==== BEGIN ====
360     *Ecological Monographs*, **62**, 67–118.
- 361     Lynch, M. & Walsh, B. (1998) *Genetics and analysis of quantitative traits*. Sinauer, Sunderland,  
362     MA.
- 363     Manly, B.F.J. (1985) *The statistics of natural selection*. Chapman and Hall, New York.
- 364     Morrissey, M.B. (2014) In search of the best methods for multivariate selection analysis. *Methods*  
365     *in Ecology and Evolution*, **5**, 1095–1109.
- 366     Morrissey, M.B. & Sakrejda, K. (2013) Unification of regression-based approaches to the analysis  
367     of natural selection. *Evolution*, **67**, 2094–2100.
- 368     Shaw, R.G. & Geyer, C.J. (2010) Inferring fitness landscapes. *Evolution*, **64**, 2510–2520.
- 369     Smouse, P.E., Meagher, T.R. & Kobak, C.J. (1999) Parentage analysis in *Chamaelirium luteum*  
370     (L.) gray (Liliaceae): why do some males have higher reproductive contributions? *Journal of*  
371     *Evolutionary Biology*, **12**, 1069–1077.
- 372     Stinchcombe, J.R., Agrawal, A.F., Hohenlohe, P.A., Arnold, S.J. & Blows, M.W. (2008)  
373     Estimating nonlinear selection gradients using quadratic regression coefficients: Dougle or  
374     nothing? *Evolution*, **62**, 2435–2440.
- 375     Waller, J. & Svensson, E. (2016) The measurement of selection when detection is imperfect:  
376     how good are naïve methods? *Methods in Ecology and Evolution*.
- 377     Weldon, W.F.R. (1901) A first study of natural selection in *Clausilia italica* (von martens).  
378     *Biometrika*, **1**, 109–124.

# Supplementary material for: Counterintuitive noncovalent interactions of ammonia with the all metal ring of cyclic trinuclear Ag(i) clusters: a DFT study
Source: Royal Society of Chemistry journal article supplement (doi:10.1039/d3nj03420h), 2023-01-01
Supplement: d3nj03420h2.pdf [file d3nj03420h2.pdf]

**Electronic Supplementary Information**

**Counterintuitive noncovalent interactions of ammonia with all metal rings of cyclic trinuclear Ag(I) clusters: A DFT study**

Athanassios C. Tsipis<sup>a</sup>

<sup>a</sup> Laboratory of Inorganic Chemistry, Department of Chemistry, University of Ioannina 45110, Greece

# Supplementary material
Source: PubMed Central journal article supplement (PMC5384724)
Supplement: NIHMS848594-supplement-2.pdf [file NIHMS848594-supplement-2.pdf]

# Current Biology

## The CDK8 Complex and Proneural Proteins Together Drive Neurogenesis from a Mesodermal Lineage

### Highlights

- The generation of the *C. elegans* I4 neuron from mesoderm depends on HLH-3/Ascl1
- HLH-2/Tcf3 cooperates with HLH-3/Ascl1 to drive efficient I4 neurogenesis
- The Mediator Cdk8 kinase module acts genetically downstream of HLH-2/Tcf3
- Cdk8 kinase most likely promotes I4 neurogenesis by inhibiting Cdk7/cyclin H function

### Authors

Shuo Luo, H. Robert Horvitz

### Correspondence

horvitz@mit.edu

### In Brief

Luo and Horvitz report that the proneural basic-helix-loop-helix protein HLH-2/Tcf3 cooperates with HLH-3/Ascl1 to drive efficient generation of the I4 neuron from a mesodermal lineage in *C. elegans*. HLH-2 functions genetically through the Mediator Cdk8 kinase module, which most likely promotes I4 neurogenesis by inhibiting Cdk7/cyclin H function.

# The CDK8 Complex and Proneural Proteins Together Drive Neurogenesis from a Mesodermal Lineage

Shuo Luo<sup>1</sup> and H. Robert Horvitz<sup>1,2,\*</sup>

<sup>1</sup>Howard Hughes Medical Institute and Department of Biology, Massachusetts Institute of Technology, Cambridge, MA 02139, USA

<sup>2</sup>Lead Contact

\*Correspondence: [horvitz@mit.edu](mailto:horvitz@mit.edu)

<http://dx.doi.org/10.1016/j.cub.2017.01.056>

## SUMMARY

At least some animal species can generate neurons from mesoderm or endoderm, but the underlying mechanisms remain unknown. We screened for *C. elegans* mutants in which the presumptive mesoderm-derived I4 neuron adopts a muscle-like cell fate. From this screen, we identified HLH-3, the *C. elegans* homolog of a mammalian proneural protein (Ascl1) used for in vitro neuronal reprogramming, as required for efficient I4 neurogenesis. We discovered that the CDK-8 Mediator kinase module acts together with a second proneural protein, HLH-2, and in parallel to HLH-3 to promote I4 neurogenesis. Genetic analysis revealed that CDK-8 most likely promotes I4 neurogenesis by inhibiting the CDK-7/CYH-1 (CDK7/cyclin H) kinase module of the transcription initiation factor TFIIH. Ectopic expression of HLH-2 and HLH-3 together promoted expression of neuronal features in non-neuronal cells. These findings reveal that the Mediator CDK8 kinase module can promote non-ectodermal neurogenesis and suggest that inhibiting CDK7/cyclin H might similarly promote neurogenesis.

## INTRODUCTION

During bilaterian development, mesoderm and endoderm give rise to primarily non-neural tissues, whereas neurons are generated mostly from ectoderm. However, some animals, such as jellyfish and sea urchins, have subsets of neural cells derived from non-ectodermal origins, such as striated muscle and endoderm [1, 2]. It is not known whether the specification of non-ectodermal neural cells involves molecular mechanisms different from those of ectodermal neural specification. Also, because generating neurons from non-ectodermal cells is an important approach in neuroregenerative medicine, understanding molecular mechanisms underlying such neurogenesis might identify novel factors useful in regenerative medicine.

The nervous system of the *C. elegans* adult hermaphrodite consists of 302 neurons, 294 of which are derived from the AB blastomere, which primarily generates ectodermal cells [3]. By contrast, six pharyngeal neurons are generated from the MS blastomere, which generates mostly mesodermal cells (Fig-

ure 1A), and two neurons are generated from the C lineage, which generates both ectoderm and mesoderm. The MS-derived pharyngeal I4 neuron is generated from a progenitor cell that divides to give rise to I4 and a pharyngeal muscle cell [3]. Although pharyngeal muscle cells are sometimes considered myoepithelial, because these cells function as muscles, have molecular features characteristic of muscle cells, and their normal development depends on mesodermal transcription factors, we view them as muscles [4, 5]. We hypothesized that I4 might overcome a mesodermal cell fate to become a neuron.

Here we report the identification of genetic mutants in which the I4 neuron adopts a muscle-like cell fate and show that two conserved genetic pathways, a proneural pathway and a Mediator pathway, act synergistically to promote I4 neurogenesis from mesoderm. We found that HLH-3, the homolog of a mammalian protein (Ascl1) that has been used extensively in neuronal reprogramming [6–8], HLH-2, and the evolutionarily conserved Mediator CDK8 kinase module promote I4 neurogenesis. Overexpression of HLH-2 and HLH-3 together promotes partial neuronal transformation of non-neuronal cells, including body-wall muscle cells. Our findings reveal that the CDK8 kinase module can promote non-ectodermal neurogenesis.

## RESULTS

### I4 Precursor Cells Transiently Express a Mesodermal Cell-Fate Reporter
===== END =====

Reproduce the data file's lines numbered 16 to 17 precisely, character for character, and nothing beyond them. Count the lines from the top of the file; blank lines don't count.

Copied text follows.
- 375     Waller, J. & Svensson, E. (2016) The measurement of selection when detection is imperfect:  
376     how good are naïve methods? *Methods in Ecology and Evolution*.